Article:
ICANN | Testimony of Louis Touton Before U.S. House Committee on the Judiciary | 22 March 2001

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Testimony of Louis Touton Before U.S. House Committee on the Judiciary, Subcommittee on Courts, the Internet, and Intellectual Property

22 March 2001

Testimony of

Louis Touton
Vice President and General Counsel

Before the

House Committee on the Judiciary
Subcommittee on Courts, the Internet, and Intellectual Property
"ICANN, New gTLDs, and the Protection of Intellectual Property"

March 22, 2001


Mr. Chairman and members of the subcommittee, I appreciate the opportunity to appear here today and offer a report on the evolution of the Internet's domain name system and its effects on intellectual property.

In the fall of 1998, the Internet Corporation for Assigned Names and Numbers (ICANN) was formed by a broad array of Internet stakeholders in response to an initiative of the United States Department of Commerce to transfer some of the Internet's technical coordination functions to the private sector. ICANN itself is a unique entity, but it follows the Internet's great tradition of finding and using practical means to address problems that stand in the way of progress. Several years ago, the US government was confronted with the fact that its agency assignments for coordination of Internet activities were seriously lagging the rate at which the Internet was growing, especially in areas related to commercial use. To very much shorten an interesting story, an intense process of study and deliberation on these issues produced a judgment that the most appropriate solution was to entrust the management of a small set of key technical infrastructure management and coordination responsibilities to the private sector. That judgment led the US Government to call on the private sector to form a global consensus development body to assume these responsibilities; in response to that call, ICANN was formed by a worldwide coalition of the Internet community's stakeholders.

ICANN's responsibilities focus on a few aspects of the Internet's technical management, but the decisions it implements on behalf of the Internet community can have non-technical effects. It is important to keep in mind that ICANN's responsibilities involve only specific parts of the Internet's vast technical infrastructure, and that most societal issues relating to the the Internet have little to do with ICANN's technical-coordination responsibilities. Nevertheless, despite these limitations, in its deliberations ICANN considers and seeks to minimize or ameliorate potentially harmful non-technical consequences that may arise from its actions.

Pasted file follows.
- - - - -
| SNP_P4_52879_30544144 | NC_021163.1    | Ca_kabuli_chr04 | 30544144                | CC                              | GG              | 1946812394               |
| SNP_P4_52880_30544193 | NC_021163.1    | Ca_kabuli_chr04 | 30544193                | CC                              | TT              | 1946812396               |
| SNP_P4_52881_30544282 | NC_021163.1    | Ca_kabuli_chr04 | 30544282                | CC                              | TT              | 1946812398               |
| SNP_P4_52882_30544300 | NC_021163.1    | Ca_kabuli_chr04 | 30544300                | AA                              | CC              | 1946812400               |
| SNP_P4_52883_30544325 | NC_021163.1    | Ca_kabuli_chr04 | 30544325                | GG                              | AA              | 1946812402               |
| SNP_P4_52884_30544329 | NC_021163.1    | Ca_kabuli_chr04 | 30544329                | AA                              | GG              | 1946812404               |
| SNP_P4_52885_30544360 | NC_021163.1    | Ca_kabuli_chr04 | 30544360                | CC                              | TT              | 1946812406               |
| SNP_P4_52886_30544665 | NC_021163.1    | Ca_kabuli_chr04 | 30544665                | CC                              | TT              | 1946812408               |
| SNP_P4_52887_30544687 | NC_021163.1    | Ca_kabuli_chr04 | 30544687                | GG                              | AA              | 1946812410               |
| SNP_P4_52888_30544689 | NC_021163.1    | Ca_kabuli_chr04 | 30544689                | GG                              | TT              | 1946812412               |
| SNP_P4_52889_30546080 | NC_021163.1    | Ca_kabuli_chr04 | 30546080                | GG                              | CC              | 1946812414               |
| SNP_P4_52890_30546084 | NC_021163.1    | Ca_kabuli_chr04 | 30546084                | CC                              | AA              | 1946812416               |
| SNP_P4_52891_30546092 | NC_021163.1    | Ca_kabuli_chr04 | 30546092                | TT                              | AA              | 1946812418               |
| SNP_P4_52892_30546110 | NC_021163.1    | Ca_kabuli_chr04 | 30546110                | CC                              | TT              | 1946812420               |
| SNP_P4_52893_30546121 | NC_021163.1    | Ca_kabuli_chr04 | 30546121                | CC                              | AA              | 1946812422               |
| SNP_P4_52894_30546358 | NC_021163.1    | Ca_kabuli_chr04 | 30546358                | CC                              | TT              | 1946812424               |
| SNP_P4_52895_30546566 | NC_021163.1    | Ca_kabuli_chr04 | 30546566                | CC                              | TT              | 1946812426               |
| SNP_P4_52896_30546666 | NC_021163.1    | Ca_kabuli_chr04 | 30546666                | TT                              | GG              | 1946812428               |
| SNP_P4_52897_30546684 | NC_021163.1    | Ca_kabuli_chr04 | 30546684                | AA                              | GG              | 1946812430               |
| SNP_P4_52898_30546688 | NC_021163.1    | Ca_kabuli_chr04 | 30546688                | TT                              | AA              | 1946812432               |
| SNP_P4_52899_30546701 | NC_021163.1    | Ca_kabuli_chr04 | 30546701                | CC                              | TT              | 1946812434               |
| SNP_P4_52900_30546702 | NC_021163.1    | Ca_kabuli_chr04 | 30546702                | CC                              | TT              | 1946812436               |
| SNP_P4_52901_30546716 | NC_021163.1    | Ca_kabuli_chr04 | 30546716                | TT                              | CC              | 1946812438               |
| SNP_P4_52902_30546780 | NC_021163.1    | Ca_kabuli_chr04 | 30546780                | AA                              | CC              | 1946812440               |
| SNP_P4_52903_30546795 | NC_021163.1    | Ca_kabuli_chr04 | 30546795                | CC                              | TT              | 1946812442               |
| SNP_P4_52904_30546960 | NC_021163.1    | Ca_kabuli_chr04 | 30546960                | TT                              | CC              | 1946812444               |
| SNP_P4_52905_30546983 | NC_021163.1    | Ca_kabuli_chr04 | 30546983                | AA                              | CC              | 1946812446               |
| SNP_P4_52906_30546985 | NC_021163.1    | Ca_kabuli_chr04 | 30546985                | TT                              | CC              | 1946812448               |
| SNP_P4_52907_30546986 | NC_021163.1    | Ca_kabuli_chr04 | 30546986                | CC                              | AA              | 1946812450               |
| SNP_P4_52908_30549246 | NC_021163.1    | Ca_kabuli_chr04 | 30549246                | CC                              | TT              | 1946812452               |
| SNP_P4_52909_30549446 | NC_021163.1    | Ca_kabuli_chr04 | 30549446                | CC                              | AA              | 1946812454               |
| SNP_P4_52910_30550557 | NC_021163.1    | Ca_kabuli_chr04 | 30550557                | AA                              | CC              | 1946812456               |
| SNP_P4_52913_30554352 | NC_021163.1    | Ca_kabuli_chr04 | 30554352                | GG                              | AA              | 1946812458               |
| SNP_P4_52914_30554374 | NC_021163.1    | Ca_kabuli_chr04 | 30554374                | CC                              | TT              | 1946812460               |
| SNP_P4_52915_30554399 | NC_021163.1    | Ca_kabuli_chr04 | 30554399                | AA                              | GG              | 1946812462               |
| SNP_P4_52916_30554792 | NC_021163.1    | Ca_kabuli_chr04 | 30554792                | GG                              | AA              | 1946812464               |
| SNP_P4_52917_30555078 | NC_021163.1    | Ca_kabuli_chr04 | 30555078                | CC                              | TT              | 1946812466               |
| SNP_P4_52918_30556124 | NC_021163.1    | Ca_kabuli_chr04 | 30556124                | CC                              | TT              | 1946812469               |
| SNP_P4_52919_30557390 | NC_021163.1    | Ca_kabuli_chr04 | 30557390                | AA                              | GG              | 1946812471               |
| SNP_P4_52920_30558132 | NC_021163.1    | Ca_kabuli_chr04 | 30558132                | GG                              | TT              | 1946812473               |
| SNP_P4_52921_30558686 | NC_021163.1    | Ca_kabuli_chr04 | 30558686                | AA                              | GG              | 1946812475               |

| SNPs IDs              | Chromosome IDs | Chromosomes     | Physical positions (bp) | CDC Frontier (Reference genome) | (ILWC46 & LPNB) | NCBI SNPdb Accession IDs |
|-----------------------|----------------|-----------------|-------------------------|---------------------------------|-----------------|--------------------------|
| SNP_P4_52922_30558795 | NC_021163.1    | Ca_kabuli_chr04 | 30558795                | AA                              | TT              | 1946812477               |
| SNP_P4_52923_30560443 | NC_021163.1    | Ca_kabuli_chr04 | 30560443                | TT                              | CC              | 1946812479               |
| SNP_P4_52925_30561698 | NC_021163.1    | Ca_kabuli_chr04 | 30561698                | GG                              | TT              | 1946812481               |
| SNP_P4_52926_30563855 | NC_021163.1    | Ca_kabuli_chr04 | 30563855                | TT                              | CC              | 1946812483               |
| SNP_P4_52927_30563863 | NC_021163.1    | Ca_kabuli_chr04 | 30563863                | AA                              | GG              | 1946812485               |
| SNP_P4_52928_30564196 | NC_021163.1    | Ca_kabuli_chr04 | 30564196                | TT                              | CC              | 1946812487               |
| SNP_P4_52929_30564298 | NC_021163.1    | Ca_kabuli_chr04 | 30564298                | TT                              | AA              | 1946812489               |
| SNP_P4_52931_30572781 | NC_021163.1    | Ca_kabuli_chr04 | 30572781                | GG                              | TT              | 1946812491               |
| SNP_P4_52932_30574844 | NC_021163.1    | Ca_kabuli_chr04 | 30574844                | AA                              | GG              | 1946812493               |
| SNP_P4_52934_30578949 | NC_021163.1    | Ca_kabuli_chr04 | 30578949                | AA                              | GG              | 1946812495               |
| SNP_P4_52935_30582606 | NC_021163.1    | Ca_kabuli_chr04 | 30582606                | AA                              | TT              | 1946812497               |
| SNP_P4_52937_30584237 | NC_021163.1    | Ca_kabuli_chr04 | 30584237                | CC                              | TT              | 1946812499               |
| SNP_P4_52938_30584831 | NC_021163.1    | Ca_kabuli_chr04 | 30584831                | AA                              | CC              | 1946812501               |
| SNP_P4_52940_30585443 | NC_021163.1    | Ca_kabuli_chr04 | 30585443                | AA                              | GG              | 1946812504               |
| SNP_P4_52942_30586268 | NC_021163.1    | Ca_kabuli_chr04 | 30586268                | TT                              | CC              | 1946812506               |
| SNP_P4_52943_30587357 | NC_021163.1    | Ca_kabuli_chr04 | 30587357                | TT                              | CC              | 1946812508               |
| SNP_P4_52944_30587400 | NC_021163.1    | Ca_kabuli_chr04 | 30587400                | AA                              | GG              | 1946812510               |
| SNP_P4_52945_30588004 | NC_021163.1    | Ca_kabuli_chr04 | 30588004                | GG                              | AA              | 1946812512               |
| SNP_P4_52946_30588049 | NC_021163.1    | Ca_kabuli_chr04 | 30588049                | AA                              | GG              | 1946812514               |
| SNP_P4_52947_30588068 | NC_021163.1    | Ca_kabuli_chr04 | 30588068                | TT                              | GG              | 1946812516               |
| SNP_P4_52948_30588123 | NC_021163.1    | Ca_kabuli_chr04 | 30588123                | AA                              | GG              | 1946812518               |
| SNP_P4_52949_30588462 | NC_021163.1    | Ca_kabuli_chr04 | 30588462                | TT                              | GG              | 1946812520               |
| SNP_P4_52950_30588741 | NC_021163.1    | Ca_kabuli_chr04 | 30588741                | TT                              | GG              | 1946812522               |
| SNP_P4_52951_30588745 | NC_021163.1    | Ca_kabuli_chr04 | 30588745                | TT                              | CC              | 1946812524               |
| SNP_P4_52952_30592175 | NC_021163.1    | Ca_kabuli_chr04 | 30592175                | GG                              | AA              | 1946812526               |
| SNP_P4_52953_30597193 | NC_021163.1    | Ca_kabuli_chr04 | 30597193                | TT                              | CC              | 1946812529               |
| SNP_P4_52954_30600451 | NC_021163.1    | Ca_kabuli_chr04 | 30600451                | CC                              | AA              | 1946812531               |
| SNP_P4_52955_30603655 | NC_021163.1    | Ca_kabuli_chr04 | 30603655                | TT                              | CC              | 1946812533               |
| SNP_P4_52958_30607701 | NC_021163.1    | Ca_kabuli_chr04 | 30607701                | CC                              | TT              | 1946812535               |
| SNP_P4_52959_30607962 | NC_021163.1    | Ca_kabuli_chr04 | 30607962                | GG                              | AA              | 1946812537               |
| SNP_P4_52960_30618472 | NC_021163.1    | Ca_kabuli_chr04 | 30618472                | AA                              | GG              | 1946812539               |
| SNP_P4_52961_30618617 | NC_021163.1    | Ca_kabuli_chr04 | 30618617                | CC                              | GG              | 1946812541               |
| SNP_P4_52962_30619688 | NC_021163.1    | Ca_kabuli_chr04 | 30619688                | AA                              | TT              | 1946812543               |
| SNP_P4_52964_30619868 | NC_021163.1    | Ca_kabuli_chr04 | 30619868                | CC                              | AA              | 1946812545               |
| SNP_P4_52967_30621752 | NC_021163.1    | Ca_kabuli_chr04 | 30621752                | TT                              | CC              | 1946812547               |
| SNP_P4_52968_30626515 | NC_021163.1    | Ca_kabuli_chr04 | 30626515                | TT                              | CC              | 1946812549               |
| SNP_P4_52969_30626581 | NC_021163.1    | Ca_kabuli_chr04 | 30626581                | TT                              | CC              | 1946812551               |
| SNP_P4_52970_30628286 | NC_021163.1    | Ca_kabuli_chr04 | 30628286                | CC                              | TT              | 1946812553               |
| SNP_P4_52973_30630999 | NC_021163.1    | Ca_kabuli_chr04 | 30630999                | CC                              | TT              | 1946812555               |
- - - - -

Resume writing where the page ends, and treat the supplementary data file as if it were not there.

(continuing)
Today I would like to describe some of the effects on intellectual property of recent evolutionary steps involving the Internet's domain-name system, specifically the planned deployment of seven new global top-level domains.


In recent years, the domain-name system (DNS) has become a vital part of the Internet. The function of the domain name system is to provide a means for converting easy-to-remember domain names into the numeric addresses that are required for sending and receiving information on the Internet. The DNS provides a translation service that permits Internet users to locate Internet sites by convenient names (e.g., www.house.gov) rather than being required to use the unique, but lengthy, numbers (e.g., that are assigned to each computer on the Internet.

The Internet engineering community devised the DNS in the early 1980s.1 One of the Internet's prominent engineers, Dr. Jon Postel took on responsibility for coordinating a decentralized system of computers throughout the Internet to implement the DNS. (Now deceased, Dr. Postel was the creator and administrator of the Internet Assigned Numbers Authority (IANA) function that preceded ICANN, and was the principal force behind the creation of ICANN.) These computers are organized in a hierarchical manner, with "root nameservers" at the highest level that point to nameservers for top-level domains (e.g., .gov), that in turn point to nameservers for second-level domains (e.g., house.gov), and so on.2 In all there are 253 top level domains, of which the greatest number are assigned to the national, or "country-code," top level domains such as .uk for the United Kingdom, .jp for Japan, or .tv for the western Pacific island of Tuvalu. There are also eight global, or "generic," top-level domains, including .com, .net, .org, and .edu - and there will soon be more, as discussed below.

Upon the deployment of this new system in 1985, Internet users worldwide could point their computers to the root nameservers, and use them to obtain the translation services (i.e. from names to numbers) that the DNS provides. The system is highly redundant and decentralized, consisting of almost 100,000 nameservers arranged in a topologically and geographically distributed system. It has repeatedly demonstrated its technical resilience and robustness, including during last year's Y2K event during which the system functioned smoothly without interruption.